Texas Instruments has posted a new video at YouTube that claims to show a dual-core OMAP5-based Cortex-A15 at 800MHz beating the snot out of an unspecified "commercially available" 1.3GHz quad-core device. Given that the only quad-core Tegra 3 tablet available is Asus Transformer Prime
, it's not exactly hard to put two and two together. The Transformer Prime is extremely well-regarded, but there've already been rumors that the chip doesn't pack enough horsepower; Asus'
highest-end TF700T, with its 1900x1200 screen, reportedly relies on a Qualcomm solution due to Tegra 3's limited memory bandwidth.
At first glance, the TI video seems to confirm that.
Both devices use Ice Cream Sandwich and are loading pages from EEMBC's BrowsingBench benchmark. TI claims that the systems are also downloading a video and playing back an MP3. The results show TI's 800MHz dual-core Cortex-A15 completing its page loads in 95s seconds, while the Tegra 3
device takes 201 seconds to finish the same workload. Huge victory for TI and OMAP5, right?
Not so fast. The reason we're so suspicious of these results is the size of the performance gap. Forget the dual-vs-quad argument -- clock for clock, the Cortex-A15 is expected to be 40% faster than the A9. That should
put a theoretical 800MHz A15 just behind a 1.3GHz A9 in a best-case scenario. Instead, TI claims their chip is more than 2x as fast. A gap that large strongly implies that other factors are at work, with network configuration the prime suspect.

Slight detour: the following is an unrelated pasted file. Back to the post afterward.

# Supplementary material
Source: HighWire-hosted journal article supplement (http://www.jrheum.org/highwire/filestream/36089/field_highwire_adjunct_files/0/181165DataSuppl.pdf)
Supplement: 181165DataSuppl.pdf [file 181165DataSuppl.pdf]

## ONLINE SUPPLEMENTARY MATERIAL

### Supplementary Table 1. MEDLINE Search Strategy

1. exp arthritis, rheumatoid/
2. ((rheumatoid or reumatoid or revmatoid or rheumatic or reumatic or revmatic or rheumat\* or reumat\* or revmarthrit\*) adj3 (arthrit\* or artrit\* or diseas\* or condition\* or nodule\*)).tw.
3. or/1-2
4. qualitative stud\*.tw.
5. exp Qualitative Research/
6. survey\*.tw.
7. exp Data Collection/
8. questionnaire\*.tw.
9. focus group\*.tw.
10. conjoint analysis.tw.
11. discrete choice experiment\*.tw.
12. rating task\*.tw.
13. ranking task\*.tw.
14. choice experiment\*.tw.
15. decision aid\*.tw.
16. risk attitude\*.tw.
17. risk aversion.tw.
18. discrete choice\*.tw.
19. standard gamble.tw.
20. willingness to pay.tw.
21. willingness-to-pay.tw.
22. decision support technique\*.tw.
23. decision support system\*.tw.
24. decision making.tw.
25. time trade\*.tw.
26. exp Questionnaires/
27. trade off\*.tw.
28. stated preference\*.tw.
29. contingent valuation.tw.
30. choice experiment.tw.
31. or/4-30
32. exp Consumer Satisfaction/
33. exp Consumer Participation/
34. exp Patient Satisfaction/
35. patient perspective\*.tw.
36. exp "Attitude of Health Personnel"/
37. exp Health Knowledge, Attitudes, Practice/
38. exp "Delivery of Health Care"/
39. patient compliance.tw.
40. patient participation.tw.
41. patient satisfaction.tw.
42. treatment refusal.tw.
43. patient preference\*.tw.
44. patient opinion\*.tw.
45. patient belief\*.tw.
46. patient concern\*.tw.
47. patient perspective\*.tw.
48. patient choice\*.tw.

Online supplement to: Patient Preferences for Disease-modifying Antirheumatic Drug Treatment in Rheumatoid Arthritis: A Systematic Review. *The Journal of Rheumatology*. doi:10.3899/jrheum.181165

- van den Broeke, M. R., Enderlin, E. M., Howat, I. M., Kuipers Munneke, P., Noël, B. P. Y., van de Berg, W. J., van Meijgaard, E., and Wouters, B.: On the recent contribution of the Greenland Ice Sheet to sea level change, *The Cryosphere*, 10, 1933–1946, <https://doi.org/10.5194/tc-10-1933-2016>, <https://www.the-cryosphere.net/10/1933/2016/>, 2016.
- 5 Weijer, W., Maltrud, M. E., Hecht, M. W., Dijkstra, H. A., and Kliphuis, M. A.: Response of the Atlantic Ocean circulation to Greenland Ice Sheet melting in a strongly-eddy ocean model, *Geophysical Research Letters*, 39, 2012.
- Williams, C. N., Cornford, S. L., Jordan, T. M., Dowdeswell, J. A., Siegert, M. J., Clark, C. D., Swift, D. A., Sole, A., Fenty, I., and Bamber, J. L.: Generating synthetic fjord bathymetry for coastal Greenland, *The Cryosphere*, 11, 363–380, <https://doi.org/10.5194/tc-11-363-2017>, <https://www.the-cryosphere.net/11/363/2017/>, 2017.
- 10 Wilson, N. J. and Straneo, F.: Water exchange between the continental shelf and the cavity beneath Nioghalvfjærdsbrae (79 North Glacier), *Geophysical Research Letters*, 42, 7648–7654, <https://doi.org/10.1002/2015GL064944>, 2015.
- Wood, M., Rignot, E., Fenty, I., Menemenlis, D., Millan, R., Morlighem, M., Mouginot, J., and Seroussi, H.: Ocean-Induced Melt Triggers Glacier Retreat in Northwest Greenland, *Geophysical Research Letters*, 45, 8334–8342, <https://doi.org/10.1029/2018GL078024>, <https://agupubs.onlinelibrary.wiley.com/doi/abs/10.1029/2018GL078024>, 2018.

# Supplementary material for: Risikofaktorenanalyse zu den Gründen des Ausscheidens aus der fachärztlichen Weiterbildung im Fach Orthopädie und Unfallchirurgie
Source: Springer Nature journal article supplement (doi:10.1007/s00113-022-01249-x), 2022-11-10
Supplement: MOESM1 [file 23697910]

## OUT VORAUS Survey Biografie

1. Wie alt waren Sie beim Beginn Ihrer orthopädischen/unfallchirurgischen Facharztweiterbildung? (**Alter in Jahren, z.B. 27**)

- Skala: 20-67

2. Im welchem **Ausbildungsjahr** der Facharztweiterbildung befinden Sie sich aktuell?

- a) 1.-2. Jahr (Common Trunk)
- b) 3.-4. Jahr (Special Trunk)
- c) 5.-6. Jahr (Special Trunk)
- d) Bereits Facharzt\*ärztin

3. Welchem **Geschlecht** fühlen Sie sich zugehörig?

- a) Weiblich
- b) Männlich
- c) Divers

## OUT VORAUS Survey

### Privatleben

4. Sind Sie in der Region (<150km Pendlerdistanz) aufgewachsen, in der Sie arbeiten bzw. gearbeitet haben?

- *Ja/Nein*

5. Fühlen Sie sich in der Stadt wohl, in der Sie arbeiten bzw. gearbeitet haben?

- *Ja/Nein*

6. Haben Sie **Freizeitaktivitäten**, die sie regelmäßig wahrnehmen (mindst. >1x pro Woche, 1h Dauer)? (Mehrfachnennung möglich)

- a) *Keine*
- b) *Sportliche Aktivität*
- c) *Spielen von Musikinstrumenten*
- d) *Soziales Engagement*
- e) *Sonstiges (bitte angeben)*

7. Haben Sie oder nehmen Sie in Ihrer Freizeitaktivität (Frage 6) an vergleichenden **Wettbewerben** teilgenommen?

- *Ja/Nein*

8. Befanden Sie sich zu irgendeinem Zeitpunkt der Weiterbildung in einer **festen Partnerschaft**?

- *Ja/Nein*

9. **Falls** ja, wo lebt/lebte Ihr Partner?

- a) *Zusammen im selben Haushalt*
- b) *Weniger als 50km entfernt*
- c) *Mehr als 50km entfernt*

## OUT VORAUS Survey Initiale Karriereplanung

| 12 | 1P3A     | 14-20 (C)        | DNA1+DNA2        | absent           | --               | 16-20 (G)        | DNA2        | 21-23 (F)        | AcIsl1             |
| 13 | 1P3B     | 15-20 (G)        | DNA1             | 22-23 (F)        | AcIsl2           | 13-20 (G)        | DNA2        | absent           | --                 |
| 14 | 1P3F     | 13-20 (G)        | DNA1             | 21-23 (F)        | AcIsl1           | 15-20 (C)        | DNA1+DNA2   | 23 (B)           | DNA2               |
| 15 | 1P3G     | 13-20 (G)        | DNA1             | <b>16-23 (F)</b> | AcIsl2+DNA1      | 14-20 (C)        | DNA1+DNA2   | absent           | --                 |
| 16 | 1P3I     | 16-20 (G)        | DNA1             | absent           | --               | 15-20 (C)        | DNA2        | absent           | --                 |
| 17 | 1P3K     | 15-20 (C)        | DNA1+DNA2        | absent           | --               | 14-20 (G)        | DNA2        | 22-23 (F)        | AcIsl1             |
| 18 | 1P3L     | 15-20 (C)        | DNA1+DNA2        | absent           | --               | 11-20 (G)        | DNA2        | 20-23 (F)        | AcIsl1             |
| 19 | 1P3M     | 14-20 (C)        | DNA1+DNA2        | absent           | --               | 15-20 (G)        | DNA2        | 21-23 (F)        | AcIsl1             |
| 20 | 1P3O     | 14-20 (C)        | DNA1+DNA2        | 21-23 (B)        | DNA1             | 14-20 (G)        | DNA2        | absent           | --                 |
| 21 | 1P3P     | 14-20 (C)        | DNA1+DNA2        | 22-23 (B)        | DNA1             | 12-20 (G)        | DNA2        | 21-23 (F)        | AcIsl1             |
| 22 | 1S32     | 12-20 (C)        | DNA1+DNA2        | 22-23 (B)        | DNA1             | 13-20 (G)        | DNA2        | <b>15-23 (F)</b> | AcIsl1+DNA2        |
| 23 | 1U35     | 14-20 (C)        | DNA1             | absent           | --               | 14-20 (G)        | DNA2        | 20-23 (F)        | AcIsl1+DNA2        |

The Transformer Prime's WiFi reception and transmission speeds aren't all that great, with the first run of products disproportionately affected. TI's test, with its simultaneous video download, plays to that particular weakness. As part of an overall review, it's completely fair to measure and compare the Prime's WiFi performance with other shipping products -- but the OMAP5 TI demonstrated is months away from that point.
Next up, there's BrowsingBench itself. The test is designed to allow reviewers to simulate a wide range of network conditions, from high-latency/low bandwidth connections to "Sitting on the WiFi unit." BrowsingBench has a default mode, which it uses to calculate general performance—but that mode isn't being used here
. Instead, all we see are page load times. There's no proof that the two systems are equally configured or even connecting to the same router.
Finally there's the question of when, exactly, it's fair to start publishing comparisons. It's always been a given that Tegra 3's quad-core A9's would face stiff competition from manufacturers like Qualcomm, but Qualcomm's Snapdragon S4 is set to ship in the first half of the year. OMAP5, in contrast, isn't expected until 2013. Even if TI's performance figures are valid, the video compares the performance of a system you can buy today with that of a system you won't be able to buy for at least 9 months. That's dubious, at best.
Nvidia is no stranger to benchmark shenanigans; the company has been caught with its hand
in the cookie jar
more times than we can remember
-- but that doesn't make obfuscation and questionable result publishing a good idea. It's possible that TI's comparison is fully on the level, but comparing against hardware without a firm ship date is never fair -- and there's good reason to think the results weren't measured fairly.